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From: Giovanni Piero Deretta (gpderetta_at_[hidden])
Date: 2007-10-11 13:33:12

On 10/11/07, Simonson, Lucanus J <lucanus.j.simonson_at_[hidden]> wrote:
> gpd wrote:
> > [...]
> >That might have been true some years ago. Current compilers are pretty
> >aggressive when optimizing and will rely on every dark corner of the
> >specs as possible. And will do more so in the future.
> Well, let's think about this critically. If the compiler started doing
> optimizations that caused code that casts between base class and derived
> class and back again to function incorrectly because the compiler
> decided the spec told it that those were different types and couldn't be
> the same pointer address what percentage of real C++ applications would
> be broken?

A lot. That's why many projects are stuck with obsolete compilers or
with suboptimal optimization options.

> Would it be worse than when the compiler started assuming a
> pointer to a float couldn't be the same address as a pointer to an int?

No, it is pretty much the same thing, and it is equally bad.

> I pointed out that the banana has no wires coming out of it, yet am
> being told that we might one day invent wireless transmission of
> electricity. Even if we did I'm not convinced it would be used to
> electrify this particular banana. We can always tell the compiler guys
> "hey, I'm eating this banana, please don't electrify it."

They'll say "Too bad, we told you we could have electrified it sooner
or later. You should have listened to us". It has already happened and
will happen again.

A couple of months ago there where an "interesting" thread on the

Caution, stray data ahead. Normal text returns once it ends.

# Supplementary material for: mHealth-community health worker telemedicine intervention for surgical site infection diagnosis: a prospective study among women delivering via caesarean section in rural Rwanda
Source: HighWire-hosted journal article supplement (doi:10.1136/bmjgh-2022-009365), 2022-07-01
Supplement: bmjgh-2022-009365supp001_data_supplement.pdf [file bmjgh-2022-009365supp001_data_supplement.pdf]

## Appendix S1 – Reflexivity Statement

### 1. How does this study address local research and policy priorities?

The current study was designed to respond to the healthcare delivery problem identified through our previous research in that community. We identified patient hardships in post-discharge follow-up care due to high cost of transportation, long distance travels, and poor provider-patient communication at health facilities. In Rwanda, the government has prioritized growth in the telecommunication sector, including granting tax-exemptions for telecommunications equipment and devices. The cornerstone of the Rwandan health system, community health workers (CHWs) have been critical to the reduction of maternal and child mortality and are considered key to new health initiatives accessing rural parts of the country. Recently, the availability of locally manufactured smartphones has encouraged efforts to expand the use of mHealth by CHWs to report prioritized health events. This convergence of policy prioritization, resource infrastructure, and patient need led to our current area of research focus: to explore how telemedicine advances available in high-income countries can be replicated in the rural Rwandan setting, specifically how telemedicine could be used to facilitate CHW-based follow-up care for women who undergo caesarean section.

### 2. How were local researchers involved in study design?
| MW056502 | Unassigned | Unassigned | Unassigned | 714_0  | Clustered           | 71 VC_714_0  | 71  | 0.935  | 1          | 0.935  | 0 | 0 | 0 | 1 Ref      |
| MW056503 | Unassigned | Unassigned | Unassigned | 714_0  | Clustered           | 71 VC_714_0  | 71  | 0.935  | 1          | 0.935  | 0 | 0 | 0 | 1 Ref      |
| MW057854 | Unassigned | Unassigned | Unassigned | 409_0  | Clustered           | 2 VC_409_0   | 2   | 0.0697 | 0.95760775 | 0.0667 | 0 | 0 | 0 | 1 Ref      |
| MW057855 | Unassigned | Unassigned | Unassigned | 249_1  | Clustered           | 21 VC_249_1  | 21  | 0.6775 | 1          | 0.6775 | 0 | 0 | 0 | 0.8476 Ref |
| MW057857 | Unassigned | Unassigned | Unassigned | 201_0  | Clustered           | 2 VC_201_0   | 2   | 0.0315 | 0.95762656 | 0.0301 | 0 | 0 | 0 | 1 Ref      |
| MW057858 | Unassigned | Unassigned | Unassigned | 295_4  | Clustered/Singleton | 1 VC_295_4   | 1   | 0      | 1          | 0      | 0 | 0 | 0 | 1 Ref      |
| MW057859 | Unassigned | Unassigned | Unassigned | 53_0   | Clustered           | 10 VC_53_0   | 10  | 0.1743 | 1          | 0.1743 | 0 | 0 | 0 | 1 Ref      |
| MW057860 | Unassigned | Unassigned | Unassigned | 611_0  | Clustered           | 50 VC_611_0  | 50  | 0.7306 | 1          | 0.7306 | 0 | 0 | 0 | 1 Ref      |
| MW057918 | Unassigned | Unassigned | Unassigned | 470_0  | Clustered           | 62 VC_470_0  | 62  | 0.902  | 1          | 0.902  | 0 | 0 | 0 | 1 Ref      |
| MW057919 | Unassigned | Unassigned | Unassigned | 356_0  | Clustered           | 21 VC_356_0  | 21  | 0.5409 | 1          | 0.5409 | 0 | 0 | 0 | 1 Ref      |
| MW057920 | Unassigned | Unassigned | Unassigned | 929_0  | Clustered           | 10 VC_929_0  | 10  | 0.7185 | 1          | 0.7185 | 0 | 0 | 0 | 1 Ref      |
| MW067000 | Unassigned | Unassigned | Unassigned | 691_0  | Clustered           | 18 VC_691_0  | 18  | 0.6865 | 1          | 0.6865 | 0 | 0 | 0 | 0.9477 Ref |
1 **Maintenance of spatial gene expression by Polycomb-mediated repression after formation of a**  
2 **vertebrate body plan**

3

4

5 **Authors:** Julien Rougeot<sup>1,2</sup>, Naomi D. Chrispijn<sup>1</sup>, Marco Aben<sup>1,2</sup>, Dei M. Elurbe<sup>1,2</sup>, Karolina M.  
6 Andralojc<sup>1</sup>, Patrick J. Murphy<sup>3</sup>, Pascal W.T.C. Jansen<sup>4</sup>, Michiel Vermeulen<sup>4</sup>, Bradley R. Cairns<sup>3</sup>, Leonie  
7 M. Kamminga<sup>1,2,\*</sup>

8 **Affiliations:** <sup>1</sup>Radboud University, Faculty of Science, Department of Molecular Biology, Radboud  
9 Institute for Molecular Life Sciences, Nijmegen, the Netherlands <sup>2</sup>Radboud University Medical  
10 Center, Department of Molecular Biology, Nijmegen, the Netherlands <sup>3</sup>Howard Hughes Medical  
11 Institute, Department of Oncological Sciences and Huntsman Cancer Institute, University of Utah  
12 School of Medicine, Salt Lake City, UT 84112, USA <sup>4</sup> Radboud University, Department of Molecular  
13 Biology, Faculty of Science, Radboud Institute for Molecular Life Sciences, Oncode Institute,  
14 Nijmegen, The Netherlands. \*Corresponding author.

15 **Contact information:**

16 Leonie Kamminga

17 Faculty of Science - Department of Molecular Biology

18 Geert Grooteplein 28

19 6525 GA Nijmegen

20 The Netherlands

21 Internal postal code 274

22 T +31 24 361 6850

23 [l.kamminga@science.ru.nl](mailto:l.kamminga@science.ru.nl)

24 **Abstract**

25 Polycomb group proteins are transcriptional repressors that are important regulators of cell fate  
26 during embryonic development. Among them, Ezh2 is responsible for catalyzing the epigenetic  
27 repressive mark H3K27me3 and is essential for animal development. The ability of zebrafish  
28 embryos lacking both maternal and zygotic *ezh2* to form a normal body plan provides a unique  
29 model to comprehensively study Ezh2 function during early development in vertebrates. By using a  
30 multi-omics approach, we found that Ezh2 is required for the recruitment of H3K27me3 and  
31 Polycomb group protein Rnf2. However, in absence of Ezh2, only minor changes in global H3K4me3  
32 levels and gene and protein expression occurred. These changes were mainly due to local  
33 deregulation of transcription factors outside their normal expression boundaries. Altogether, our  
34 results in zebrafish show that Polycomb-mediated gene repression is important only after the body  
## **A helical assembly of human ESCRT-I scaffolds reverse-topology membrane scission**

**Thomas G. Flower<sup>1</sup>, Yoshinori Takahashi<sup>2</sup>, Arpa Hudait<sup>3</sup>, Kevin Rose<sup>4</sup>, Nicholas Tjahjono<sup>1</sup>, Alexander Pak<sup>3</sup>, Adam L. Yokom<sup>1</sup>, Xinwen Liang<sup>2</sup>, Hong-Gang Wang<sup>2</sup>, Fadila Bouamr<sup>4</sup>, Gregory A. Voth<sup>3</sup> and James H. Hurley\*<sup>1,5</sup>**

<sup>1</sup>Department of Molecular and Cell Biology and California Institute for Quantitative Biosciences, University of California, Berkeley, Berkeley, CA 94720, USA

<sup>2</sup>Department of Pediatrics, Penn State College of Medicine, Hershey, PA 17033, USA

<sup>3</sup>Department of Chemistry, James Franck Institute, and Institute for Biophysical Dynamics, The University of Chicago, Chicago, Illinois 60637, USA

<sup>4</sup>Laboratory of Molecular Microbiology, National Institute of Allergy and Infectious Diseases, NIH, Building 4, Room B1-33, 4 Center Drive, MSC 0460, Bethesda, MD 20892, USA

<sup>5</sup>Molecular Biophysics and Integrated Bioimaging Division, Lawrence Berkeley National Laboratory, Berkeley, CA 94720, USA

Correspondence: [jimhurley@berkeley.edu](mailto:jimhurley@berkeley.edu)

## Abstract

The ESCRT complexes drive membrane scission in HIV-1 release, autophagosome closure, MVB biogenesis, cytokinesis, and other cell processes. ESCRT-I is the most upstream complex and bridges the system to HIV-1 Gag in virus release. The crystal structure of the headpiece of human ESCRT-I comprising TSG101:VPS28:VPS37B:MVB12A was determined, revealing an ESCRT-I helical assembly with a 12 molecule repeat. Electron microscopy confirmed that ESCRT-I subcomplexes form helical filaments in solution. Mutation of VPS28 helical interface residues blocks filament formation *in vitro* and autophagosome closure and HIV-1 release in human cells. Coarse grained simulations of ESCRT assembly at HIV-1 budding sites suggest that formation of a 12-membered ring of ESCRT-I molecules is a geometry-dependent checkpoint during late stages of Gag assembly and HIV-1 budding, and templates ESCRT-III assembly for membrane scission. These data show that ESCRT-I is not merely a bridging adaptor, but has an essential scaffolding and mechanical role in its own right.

gcc-devel mailing list about signed int overflow behavior: some
application developers argued that optimizing assuming undefined
overflow behavior would break lots of applications. The answer they
got was pretty much: "then stop relying on undefined behavior!".

Sure, they might add an option to disable such an optimization for a
while if you ask nice enough, but:
- the option won't be there forever.
- would you use a library that forces you to a lesser optimization level?

> Like I said before, if the compiler did what you suggest they would just
> end up rolling it back because it would break too many things.

Type based alias analysis is here to stay. I wouldn't be surprised
that such code could already break on current compilers given the
right circumstances.

> People
> are doing egregious things with casting completely unrelated types back
> and forth all the time.

It is their application and the can do whatever they like, and they
will regret it when their application will break.

 I do not think we want to consciously introduce these kind of bugs in
a boost library.


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